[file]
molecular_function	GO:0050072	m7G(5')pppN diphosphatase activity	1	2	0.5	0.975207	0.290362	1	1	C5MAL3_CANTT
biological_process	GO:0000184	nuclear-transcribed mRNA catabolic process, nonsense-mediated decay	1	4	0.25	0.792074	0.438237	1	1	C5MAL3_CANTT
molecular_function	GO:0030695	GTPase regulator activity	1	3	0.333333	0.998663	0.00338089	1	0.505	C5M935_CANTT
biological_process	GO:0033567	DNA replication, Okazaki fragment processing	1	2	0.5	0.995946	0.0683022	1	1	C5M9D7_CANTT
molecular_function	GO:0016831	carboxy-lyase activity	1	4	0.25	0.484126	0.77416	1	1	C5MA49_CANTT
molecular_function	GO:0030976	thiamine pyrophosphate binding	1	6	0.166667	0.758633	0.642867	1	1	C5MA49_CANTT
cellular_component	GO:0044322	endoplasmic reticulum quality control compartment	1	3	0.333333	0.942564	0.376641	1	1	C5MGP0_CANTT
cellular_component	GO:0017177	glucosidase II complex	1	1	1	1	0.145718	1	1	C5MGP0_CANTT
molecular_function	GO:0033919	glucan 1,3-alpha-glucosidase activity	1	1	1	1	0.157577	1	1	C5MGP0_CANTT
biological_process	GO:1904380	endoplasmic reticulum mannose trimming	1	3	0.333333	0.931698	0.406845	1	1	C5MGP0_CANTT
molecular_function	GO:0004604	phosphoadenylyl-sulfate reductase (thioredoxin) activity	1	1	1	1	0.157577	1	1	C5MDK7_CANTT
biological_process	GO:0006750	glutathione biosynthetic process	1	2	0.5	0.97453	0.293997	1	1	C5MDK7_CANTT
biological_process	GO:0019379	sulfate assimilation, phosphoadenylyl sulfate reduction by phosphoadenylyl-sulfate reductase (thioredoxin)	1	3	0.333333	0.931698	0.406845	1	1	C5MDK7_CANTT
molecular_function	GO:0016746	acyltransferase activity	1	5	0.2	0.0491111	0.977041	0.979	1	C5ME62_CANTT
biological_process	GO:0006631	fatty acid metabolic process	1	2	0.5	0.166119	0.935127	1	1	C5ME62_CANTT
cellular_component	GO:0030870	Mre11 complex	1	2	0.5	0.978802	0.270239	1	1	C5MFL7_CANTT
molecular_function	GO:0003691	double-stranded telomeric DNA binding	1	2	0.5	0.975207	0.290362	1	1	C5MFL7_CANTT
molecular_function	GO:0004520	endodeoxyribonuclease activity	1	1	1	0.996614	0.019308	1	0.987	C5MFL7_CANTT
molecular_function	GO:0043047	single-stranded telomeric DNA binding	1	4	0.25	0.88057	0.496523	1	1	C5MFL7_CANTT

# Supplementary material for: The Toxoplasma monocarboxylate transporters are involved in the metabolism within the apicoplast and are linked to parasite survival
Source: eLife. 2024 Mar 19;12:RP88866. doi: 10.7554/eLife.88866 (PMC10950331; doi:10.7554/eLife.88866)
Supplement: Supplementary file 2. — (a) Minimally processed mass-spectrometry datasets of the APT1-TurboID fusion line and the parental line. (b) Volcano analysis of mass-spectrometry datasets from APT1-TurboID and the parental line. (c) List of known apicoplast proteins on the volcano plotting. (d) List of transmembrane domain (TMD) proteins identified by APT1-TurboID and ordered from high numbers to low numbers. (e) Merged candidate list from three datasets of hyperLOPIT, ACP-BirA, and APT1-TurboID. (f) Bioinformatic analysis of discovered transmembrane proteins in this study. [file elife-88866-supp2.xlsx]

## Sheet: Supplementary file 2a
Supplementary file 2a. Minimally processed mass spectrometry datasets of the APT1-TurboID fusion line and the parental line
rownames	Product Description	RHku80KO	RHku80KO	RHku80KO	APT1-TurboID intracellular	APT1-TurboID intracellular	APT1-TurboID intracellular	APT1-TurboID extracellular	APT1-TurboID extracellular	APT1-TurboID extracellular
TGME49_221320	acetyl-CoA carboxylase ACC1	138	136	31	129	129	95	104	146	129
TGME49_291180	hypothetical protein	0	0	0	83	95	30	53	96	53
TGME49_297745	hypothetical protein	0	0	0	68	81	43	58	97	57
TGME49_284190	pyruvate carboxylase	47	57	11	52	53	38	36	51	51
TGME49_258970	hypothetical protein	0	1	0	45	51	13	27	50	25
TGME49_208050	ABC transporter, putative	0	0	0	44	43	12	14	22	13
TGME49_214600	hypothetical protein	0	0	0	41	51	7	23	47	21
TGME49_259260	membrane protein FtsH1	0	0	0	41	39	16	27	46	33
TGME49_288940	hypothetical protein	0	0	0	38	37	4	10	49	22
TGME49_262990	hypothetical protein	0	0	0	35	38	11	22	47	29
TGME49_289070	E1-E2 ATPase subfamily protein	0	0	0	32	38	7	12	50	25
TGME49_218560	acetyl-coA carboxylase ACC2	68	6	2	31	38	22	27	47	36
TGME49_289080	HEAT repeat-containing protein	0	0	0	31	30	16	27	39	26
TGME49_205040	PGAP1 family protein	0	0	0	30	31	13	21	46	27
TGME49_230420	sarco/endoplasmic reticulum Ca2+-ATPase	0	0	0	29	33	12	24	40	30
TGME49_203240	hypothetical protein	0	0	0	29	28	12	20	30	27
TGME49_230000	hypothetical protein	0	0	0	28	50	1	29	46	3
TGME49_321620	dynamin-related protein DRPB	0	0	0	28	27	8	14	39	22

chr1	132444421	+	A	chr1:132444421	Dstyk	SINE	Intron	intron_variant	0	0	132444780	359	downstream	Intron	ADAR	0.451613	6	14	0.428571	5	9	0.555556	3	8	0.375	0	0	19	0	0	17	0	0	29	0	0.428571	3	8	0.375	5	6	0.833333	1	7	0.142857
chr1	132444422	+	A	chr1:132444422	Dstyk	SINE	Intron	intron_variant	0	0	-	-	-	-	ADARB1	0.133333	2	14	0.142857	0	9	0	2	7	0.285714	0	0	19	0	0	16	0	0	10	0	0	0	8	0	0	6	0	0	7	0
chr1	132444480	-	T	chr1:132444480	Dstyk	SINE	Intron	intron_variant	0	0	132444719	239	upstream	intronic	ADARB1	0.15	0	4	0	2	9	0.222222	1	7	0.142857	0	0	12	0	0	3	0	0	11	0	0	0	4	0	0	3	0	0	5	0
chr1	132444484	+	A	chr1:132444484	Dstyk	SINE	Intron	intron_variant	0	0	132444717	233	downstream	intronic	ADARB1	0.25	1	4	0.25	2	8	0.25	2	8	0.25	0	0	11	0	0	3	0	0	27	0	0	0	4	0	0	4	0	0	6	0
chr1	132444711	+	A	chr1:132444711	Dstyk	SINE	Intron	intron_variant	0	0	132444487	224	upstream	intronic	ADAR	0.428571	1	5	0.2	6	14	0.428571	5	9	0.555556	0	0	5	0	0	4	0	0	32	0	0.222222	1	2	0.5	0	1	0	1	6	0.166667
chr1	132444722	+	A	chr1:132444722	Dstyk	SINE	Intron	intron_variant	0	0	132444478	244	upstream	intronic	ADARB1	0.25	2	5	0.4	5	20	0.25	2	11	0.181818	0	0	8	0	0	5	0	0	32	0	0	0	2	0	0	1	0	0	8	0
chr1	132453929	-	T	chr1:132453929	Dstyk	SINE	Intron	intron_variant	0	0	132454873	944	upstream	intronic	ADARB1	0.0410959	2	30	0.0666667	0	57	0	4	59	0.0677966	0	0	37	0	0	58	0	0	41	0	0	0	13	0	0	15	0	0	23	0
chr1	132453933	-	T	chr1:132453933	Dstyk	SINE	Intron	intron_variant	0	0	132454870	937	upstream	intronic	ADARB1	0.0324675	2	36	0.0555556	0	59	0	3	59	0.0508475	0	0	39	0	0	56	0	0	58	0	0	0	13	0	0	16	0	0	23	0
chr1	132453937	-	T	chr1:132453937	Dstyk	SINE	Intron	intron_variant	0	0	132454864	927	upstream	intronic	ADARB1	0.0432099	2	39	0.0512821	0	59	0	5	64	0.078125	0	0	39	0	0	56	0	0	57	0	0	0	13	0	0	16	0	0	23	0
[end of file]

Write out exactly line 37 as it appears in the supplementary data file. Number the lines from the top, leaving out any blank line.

TGME49_218560	acetyl-coA carboxylase ACC2	68	6	2	31	38	22	27	47	36